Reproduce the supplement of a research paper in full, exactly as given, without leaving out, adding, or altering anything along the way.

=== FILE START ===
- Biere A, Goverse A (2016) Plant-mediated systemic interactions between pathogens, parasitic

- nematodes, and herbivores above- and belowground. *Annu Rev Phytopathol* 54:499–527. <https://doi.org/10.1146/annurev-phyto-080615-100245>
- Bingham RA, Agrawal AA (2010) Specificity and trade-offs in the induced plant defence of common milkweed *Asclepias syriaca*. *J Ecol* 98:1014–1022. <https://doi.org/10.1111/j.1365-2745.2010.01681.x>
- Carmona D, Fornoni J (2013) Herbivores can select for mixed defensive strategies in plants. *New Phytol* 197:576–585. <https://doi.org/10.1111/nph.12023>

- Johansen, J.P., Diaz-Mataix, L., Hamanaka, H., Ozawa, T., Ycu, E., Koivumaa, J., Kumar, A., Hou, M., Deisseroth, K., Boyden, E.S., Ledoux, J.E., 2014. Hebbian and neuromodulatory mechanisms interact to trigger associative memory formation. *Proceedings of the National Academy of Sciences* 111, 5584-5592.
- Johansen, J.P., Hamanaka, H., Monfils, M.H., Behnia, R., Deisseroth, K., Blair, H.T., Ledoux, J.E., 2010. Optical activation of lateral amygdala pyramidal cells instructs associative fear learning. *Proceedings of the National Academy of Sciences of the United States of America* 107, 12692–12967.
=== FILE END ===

- Biere A, Goverse A (2016) Plant-mediated systemic interactions between pathogens, parasitic

- nematodes, and herbivores above- and belowground. *Annu Rev Phytopathol* 54:499–527. <https://doi.org/10.1146/annurev-phyto-080615-100245>
- Bingham RA, Agrawal AA (2010) Specificity and trade-offs in the induced plant defence of common milkweed *Asclepias syriaca*. *J Ecol* 98:1014–1022. <https://doi.org/10.1111/j.1365-2745.2010.01681.x>
- Carmona D, Fornoni J (2013) Herbivores can select for mixed defensive strategies in plants. *New Phytol* 197:576–585. <https://doi.org/10.1111/nph.12023>

- Johansen, J.P., Diaz-Mataix, L., Hamanaka, H., Ozawa, T., Ycu, E., Koivumaa, J., Kumar, A., Hou, M., Deisseroth, K., Boyden, E.S., Ledoux, J.E., 2014. Hebbian and neuromodulatory mechanisms interact to trigger associative memory formation. *Proceedings of the National Academy of Sciences* 111, 5584-5592.
- Johansen, J.P., Hamanaka, H., Monfils, M.H., Behnia, R., Deisseroth, K., Blair, H.T., Ledoux, J.E., 2010. Optical activation of lateral amygdala pyramidal cells instructs associative fear learning. *Proceedings of the National Academy of Sciences of the United States of America* 107, 12692–12967.